The ContentMine Workshop at Bath

On Tuesday 28th July, the ContentMine team held an introductory content mining workshop for biologists, at the University of Bath.

With primarily internet-based advertising of the course we had signups for the event from all over the world including notably, Sri Lanka and Jordan. So I’m glad all the content we went over is captured on the event Etherpad and subsequent links within it. Some, if not most of the material may well be followable from afar.

Everyone wants to do content mining

In terms of in-person attendees we had palaeontologists, ecologists, medics, phylogeneticists and biodiversity informaticists. Attendees were also pleasingly diverse in career stage: from undergraduate, to masters, postdocs, established scientists, and people working outside academia. The majority of course were PhD students and this was the demographic I was most hoping to target.

Pro’s and con’s of using a virtual machine

Setup on the morning was surprisingly smooth for the majority because I had emailed out the instructions for installing VirtualBox and running the virtual machine (VM) over a week before the actual workshop day. I resolved several enquiries & niggles via email in that period so that almost everyone came to the workshop with a working VM. Two participants had laptops that were only capable of running 32-bit operating systems, so I made an alternate VM just for them. I had 4 USB sticks pre-loaded with VIrtualBox installers and the VMs on hand as well that morning, so I think we prepared well in that aspect.


Socializing after the workshop
Socializing after the workshop


The workshop itself went by in a blur. Demonstrating command-line approaches to an audience with mixed levels of experience of bash shell scripting is really fascinating.

In one memorable mistake, I asked everyone to type ami then TAB-complete to check that all the ami-plugins were installed on their machines. Many participants reported back seeing very different output to that which was projected on my demonstration screen. It quickly transpired that having seen me hit ‘ENTER’ after typing in most of my commands, a few were pressing ENTER rather than TAB. My mistake, as the teacher, I should have made this clearer! I have already thought of a solution to this we can use in future workshops: virtual keyboards displayed on-screen (see below for an example) – to display exactly what keys the instructor is pressing! If not for the whole workshop, but just for running through basic shell scripting at the start, I think this might be a ‘must’.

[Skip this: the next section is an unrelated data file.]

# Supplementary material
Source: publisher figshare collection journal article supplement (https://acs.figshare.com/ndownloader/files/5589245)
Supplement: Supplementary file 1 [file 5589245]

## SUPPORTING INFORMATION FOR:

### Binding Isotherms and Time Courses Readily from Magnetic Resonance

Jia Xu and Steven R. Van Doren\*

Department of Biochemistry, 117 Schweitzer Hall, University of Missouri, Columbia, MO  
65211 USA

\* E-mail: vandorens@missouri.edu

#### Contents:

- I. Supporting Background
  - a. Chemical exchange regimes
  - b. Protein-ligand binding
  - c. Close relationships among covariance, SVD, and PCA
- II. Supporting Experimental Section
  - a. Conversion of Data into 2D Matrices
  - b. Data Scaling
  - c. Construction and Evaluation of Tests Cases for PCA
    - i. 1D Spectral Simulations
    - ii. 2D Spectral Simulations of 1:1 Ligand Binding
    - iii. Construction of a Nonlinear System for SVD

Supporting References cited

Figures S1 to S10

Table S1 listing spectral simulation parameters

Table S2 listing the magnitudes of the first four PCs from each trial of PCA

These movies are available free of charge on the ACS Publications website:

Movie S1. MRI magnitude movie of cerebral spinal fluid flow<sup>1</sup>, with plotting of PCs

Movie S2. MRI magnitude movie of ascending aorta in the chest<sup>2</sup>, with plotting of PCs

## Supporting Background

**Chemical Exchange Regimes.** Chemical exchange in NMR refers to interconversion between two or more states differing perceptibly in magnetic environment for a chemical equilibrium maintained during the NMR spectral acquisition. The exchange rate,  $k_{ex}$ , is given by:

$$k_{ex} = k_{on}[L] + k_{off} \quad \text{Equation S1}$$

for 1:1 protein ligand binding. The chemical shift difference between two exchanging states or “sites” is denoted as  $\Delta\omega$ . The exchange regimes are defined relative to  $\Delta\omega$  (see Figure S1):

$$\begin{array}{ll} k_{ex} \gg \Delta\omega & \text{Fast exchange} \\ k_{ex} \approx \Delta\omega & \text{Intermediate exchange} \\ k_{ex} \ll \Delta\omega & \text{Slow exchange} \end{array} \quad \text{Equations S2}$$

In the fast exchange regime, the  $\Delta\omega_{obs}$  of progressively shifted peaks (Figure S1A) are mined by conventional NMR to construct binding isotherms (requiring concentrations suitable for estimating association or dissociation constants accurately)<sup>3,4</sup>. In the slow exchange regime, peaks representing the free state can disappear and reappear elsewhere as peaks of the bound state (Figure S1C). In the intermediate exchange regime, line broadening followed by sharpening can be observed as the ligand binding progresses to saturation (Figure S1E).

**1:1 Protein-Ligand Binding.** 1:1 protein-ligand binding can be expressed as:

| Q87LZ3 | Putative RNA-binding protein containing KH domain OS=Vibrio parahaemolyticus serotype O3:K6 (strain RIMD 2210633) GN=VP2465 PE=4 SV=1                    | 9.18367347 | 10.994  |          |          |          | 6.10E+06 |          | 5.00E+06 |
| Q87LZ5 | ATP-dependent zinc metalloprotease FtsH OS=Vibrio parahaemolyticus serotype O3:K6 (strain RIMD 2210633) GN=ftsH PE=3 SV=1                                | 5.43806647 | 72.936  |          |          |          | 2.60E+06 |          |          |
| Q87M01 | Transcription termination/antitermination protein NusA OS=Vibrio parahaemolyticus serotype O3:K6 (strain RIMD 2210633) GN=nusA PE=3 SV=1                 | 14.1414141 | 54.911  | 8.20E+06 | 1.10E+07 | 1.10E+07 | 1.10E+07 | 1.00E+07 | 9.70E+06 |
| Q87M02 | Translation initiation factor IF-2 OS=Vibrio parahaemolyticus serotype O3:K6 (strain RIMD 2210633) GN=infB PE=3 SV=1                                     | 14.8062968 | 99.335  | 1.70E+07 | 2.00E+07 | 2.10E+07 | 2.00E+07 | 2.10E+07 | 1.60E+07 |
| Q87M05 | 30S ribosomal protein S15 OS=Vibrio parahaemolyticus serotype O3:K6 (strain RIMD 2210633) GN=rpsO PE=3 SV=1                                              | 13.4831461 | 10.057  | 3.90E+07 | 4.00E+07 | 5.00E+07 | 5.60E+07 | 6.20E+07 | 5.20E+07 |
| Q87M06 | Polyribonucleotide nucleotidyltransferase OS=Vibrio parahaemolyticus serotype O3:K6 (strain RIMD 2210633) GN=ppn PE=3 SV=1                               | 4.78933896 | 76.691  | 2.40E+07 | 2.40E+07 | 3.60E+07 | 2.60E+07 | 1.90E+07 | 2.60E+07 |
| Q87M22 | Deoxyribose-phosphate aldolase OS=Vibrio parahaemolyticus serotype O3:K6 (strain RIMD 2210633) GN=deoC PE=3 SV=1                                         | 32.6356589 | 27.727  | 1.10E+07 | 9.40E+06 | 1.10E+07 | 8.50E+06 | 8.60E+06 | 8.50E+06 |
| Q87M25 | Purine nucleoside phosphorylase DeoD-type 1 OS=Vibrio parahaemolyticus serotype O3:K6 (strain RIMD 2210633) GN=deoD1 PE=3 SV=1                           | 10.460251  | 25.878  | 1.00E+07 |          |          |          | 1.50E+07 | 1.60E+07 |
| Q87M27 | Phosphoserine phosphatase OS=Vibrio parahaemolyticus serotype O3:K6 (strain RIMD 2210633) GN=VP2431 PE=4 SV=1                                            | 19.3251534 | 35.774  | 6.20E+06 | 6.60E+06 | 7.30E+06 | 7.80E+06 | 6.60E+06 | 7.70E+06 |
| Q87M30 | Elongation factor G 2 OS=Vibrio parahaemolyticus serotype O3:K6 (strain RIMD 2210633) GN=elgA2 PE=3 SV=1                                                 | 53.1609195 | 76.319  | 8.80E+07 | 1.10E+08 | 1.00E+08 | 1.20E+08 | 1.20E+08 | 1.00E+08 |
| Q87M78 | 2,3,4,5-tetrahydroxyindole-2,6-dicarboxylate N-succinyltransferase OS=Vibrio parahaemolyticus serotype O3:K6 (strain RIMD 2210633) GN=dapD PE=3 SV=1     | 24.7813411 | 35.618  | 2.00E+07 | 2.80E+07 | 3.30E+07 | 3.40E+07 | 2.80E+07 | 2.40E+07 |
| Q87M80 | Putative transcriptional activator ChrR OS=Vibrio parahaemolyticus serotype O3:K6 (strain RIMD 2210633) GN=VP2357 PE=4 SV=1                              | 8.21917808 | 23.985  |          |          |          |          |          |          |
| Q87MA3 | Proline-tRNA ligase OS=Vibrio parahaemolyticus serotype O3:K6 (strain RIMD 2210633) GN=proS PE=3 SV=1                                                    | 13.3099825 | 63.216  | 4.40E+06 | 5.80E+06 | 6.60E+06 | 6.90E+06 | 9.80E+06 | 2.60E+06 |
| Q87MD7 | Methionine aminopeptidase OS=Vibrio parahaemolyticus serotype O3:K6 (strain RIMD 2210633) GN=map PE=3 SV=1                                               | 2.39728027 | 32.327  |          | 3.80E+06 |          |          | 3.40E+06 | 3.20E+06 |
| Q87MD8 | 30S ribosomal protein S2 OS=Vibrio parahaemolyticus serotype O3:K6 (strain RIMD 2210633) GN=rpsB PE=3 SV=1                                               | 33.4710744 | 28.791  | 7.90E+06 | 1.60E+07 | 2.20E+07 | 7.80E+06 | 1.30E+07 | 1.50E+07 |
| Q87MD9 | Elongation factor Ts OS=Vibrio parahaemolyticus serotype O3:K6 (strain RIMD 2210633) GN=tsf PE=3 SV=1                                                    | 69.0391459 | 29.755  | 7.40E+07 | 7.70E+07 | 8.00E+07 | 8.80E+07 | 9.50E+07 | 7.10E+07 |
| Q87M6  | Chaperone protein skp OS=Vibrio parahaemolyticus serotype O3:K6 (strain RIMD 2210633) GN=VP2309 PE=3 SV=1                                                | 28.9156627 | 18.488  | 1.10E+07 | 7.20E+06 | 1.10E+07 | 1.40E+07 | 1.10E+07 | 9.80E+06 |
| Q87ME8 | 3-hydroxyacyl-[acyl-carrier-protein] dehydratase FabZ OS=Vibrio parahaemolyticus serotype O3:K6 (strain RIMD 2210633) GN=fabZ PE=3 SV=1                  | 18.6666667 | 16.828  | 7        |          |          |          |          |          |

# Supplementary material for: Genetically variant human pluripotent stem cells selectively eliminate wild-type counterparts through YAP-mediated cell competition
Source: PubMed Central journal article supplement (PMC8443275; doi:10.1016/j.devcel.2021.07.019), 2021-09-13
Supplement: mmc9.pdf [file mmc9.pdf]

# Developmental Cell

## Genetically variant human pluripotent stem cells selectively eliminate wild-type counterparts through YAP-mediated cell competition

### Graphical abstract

Virtual Keyboard in Action
Virtual Keyboard in Action


It’s probably too early to tell how useful the participants found the workshop. We have yet to analyse the feedback forms in full but I take great heart from what one participant said:

“I wish I knew about these tools two years ago before I had to write-up my thesis!”

With the new community discussion site now up and running: we hope to spark more eureka moments like this!

My sincere thanks go to Matt Wills, Mark MacGillivray, Chris Kittel, Stefan Kasberger, Graham Steel, Richard Smith-Unna, Jenny Molloy, and everyone else at the ContentMine, including of course Peter Murray-Rust for making this happen. A lot of work went into this workshop. I hope it showed.


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